In this section, we discuss one of the most fundamental concepts in probability theory. Here is the question: as you obtain additional information, how should you update probabilities of events? For example, suppose that in a certain city, 23 percent of the days are rainy. Thus, if you pick a random day, the probability that it rains that day is 23 percent:

P(R)=0.23,where R is the event that it rains on the randomly chosen day.

Now suppose that I pick a random day, but I also tell you that it is cloudy on the chosen day. Now that you have this extra piece of information, how do you update the chance that it rains on that day? In other words, what is the probability that it rains **given that** it is cloudy? If C is the event that it is cloudy, then we write this as P(R|C), the *conditional probability of R* *given that C* *has occurred*. It is reasonable to assume that in this example, P(R|C) should be larger than the original P(R), which is called the **prior probability** of R. But what exactly should P(R|C) be? Before providing a general formula, let’s look at a simple example.

**Example **

I roll a fair die. Let A be the event that the outcome is an odd number, i.e., A={1,3,5}A={1,3,5}. Also let B be the event that the outcome is less than or equal to 3, i.e., B={1,2,3}. What is the probability of A, P(A)? What is the probability of AA given B, P(A|B)?

This is a finite sample space, so

Although the above calculation has been done for a finite sample space with equally likely outcomes, it turns out the resulting formula is quite general and can be applied in any setting. Below, we formally provide the formula and then explain the intuition behind it.

It is important to note that conditional probability itself is a probability measure, so it satisfies probability axioms. In particular,

Axiom 1: For any event A, P(A|B)≥0.

Axiom 2: Conditional probability of B given B is 1, i.e., P(B|B)=1.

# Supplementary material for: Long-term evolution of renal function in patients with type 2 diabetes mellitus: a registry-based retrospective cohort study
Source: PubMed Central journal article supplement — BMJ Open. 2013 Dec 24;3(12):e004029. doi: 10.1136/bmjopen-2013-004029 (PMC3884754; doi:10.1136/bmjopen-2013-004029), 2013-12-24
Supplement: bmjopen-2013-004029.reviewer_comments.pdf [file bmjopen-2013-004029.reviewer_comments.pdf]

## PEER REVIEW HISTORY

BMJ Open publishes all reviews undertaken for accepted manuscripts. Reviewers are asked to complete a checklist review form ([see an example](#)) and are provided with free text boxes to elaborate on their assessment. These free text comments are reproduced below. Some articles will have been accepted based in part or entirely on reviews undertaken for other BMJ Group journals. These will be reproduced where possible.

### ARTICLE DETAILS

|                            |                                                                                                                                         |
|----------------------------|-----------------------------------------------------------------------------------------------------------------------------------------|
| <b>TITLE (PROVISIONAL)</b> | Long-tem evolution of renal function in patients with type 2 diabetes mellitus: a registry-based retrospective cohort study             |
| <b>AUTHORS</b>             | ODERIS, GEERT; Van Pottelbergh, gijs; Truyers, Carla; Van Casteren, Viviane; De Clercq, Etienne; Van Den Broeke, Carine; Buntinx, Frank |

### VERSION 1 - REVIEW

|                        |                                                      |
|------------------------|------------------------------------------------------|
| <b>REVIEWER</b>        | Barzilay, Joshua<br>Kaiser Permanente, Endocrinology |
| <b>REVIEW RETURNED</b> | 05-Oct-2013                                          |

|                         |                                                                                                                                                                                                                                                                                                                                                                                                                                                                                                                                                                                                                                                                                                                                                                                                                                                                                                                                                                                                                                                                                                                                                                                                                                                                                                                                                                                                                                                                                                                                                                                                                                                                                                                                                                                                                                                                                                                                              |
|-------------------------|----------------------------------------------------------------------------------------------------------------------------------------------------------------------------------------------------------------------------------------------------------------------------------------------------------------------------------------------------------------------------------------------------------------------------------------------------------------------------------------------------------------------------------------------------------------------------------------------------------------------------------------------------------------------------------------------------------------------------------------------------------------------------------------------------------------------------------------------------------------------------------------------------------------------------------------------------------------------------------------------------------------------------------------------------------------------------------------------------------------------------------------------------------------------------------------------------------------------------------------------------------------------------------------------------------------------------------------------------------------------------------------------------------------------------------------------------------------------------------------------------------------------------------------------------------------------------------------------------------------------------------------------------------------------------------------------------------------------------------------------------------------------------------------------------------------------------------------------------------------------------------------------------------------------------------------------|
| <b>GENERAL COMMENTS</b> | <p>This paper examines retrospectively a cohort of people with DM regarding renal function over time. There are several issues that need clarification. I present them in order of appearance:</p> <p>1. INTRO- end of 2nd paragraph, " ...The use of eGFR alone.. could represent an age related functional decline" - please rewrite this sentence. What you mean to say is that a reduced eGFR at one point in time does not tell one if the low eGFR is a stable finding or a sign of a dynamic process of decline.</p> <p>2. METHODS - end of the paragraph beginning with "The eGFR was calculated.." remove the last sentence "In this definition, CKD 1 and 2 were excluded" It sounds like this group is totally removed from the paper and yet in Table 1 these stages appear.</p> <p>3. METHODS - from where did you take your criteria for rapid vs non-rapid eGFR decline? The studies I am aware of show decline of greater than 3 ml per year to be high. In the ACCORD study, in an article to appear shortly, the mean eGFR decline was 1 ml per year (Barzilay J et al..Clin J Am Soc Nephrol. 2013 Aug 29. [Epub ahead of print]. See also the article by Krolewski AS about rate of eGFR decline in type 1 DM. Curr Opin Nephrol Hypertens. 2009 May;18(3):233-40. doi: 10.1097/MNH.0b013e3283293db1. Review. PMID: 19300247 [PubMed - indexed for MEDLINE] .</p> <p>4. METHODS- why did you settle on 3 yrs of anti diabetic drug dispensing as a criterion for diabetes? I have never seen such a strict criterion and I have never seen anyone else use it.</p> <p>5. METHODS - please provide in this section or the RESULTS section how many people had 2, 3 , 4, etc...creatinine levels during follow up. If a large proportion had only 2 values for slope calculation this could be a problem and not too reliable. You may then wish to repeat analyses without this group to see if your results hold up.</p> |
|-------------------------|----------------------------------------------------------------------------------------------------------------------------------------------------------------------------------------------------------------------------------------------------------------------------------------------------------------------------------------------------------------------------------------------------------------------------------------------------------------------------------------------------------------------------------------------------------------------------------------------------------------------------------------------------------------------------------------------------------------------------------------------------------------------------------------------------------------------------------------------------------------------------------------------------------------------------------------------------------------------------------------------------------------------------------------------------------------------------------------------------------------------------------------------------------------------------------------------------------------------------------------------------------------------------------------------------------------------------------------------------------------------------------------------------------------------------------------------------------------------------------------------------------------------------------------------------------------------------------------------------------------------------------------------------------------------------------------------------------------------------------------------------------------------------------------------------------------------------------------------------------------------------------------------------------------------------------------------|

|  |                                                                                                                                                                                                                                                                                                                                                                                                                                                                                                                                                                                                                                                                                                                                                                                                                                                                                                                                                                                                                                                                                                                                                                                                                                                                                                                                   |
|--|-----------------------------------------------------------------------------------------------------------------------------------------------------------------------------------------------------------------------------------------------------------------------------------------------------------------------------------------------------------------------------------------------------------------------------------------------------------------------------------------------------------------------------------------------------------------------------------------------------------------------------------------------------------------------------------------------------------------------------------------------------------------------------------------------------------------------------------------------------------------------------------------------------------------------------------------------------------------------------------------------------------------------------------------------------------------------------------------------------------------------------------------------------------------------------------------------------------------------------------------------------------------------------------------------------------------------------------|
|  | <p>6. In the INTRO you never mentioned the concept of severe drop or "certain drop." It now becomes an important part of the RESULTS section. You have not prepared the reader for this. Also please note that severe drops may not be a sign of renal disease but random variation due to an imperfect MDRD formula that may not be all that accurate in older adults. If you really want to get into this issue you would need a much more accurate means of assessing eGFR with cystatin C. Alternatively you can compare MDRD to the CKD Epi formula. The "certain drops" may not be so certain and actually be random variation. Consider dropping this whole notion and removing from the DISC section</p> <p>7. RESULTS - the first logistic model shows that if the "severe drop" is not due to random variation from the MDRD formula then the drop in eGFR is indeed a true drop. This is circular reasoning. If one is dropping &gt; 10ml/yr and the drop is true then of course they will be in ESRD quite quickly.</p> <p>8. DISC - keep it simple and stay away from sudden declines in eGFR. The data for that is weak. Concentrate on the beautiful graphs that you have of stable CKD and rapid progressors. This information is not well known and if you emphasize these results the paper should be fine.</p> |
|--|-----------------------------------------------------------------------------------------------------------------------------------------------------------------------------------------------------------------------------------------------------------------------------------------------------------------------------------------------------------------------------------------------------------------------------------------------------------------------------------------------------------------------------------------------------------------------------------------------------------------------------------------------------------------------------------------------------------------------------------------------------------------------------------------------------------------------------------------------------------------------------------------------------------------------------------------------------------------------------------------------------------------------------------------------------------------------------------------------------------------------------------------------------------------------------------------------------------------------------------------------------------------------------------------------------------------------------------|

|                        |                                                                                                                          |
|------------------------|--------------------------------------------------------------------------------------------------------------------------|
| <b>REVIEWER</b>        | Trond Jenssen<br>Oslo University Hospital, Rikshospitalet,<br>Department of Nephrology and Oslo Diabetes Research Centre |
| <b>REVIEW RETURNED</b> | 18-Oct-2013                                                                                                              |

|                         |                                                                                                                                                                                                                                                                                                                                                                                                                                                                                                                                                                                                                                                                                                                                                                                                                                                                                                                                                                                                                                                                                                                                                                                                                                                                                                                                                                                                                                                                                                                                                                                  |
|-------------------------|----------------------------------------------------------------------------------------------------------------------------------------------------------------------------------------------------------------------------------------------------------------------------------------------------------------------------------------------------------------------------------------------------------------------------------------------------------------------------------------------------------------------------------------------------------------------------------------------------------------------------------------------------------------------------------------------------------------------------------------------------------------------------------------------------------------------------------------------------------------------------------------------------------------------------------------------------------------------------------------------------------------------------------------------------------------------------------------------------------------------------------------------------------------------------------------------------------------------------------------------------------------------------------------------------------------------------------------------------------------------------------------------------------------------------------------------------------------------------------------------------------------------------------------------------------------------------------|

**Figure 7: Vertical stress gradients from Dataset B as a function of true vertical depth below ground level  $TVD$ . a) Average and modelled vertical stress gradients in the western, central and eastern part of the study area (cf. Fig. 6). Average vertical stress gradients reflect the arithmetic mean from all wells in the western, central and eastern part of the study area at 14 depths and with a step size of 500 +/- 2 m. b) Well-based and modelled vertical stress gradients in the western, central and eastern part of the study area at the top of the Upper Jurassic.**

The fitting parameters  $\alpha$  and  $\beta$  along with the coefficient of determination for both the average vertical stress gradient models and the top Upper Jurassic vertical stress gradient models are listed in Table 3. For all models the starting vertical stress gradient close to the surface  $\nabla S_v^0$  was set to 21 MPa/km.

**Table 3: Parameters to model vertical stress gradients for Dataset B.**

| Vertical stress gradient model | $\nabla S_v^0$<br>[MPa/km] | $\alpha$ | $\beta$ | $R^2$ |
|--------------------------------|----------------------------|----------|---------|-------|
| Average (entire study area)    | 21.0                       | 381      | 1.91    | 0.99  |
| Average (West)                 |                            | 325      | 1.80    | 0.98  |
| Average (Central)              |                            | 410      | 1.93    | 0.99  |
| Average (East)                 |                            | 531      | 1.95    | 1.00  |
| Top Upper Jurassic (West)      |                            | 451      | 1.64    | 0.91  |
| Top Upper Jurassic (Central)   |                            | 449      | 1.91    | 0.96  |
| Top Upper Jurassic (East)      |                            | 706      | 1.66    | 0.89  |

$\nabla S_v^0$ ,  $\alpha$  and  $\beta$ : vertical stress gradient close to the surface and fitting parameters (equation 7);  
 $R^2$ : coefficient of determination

Axiom 3: If A1,A2,A3,⋯ are disjoint events, then P(A1∪A2∪A3⋯|B)=P(A1|B)+P(A2|B)+P(A3|B)+⋯.In fact, all rules that we have learned so far can be extended to conditional probability. For example, the formulas given in Example 1.10 can be rewritten:

This makes sense. In particular, since A and B are disjoint they cannot both occur at the same time. Thus, given that B has occurred, the probability of A must be zero.

When B is a subset of A: If B⊂A, then whenever B happens, A also happens. Thus, given that B occurred, we expect that probability of A be one. In this case A∩B=B, so

**Example**

I roll a fair die twice and obtain two numbers X1= result of the first roll and X2= result of the second roll. Given that I know X1+X2=7, what is the probability that X1=4 or X2=4?

Let A be the event that X1=4 or X2=4 and B be the event that X1+X2=7. We are interested in P(A|B), so we can use

Let’s look at a famous probability problem, called the two-child problem. Many versions of this problem have been discussed [1] in the literature and we will review a few of them in this chapter. We suggest that you try to guess the answers before solving the problem using probability formulas.

**Example**

Consider a family that has two children. We are interested in the children’s genders. Our sample space is S={(G,G),(G,B),(B,G),(B,B)}. Also assume that all four possible outcomes are equally likely.

What is the probability that both children are girls given that the first child is a girl?

We ask the father: “Do you have at least one daughter?” He responds “Yes!” Given this extra information, what is the probability that both children are girls? In other words, what is the probability that both children are girls given that we know at least one of them is a girl?

Let A be the event that both children are girls, i.e., A={(G,G)}. Let B be the event that the first child is a girl, i.e., B={(G,G),(G,B)}. Finally, let C be the event that at least one of the children is a girl, i.e., C={(G,G),(G,B),(B,G)}. Since the outcomes are equally likely, we can write